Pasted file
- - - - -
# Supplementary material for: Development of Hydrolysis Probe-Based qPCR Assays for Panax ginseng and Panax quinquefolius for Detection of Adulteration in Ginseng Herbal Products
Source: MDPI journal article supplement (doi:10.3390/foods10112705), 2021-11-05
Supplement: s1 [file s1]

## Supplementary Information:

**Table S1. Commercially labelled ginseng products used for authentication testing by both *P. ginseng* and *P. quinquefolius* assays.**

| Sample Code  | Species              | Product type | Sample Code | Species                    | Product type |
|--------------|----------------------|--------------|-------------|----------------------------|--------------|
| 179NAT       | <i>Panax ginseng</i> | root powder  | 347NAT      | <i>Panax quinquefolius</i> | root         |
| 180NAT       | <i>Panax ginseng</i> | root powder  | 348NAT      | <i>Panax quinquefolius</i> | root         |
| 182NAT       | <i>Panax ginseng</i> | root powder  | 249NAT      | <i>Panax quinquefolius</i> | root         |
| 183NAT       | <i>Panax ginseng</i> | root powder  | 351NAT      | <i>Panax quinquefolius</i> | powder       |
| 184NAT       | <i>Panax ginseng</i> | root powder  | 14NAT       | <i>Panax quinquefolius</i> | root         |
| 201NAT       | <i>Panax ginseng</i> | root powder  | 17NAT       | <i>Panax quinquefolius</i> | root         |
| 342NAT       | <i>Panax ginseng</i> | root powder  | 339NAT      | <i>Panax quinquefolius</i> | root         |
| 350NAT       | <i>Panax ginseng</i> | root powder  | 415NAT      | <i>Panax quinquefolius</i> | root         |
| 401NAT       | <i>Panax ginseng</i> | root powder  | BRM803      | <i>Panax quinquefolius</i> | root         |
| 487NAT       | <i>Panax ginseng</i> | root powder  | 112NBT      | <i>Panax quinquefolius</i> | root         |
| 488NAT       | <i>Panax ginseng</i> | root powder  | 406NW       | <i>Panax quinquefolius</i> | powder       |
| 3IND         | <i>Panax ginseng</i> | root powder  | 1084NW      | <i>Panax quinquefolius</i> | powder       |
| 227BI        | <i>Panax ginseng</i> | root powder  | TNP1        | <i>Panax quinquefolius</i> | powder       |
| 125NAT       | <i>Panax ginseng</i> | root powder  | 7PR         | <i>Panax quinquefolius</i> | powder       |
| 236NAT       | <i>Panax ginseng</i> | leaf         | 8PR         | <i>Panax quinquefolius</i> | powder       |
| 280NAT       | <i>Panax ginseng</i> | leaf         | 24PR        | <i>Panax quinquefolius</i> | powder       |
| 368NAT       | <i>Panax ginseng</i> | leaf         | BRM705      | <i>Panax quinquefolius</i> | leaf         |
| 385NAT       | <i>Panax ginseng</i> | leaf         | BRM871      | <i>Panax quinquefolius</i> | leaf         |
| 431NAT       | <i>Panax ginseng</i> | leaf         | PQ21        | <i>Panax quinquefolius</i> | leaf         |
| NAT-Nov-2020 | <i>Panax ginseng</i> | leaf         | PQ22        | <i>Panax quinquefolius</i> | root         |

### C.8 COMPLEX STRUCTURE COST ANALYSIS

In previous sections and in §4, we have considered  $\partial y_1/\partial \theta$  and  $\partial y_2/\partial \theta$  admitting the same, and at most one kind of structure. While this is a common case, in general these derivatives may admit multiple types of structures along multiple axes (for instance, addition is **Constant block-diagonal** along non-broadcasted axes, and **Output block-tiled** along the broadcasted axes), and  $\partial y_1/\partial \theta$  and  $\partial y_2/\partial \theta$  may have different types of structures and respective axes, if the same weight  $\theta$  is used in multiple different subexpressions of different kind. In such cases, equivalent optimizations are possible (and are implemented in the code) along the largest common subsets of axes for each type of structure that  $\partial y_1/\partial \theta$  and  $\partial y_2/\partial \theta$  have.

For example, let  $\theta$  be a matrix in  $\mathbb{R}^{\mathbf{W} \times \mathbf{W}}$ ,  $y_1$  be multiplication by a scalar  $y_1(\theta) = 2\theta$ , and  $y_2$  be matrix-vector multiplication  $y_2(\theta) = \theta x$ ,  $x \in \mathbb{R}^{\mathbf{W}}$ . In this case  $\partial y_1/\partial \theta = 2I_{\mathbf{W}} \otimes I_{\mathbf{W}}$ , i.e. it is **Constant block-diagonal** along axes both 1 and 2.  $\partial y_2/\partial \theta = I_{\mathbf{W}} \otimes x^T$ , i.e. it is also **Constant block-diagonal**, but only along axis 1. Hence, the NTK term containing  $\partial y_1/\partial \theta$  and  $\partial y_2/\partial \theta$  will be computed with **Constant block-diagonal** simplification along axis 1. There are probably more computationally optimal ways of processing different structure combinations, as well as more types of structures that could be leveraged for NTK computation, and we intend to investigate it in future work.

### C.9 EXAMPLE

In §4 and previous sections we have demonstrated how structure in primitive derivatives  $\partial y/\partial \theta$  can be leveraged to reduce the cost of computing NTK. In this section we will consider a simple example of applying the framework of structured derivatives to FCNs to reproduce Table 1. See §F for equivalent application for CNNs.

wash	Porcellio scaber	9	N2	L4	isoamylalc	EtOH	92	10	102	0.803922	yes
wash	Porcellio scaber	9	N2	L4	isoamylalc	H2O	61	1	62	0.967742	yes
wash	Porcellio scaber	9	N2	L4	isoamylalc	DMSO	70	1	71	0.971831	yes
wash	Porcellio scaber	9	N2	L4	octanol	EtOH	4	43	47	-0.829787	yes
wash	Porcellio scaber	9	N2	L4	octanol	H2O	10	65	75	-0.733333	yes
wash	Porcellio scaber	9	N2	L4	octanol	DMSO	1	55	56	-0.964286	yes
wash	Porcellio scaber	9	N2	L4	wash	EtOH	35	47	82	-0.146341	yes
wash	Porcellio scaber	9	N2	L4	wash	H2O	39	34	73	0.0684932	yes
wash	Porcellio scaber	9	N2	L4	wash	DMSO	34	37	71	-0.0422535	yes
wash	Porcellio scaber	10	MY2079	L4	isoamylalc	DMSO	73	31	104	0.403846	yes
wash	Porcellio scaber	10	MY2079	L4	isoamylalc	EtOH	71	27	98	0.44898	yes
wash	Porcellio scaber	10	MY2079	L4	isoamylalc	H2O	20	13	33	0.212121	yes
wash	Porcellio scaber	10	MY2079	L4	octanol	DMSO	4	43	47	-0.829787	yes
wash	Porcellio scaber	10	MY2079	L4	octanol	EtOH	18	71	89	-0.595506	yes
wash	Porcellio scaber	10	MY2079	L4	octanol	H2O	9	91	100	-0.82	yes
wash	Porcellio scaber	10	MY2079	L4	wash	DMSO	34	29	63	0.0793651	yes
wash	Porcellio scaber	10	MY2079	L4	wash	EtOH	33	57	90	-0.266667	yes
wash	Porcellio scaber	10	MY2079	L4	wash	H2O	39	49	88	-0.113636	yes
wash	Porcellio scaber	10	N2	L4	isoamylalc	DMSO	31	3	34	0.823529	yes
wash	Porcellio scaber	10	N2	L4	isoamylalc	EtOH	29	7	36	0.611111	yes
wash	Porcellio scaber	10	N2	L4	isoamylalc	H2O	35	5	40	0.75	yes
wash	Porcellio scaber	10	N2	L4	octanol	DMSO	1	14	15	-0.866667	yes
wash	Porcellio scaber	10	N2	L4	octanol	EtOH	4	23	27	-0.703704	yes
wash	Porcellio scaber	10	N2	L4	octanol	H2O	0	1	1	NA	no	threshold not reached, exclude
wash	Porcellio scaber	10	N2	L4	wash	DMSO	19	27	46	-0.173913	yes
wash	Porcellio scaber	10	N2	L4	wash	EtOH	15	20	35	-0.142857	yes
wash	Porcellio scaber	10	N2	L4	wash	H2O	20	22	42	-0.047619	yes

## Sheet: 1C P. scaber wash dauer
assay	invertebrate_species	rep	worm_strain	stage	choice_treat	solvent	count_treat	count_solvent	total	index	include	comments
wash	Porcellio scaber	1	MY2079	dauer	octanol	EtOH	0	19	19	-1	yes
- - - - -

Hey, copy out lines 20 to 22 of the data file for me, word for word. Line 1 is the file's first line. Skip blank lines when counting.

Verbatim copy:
| 227BI        | <i>Panax ginseng</i> | root powder  | TNP1        | <i>Panax quinquefolius</i> | powder       |
| 125NAT       | <i>Panax ginseng</i> | root powder  | 7PR         | <i>Panax quinquefolius</i> | powder       |
| 236NAT       | <i>Panax ginseng</i> | leaf         | 8PR         | <i>Panax quinquefolius</i> | powder       |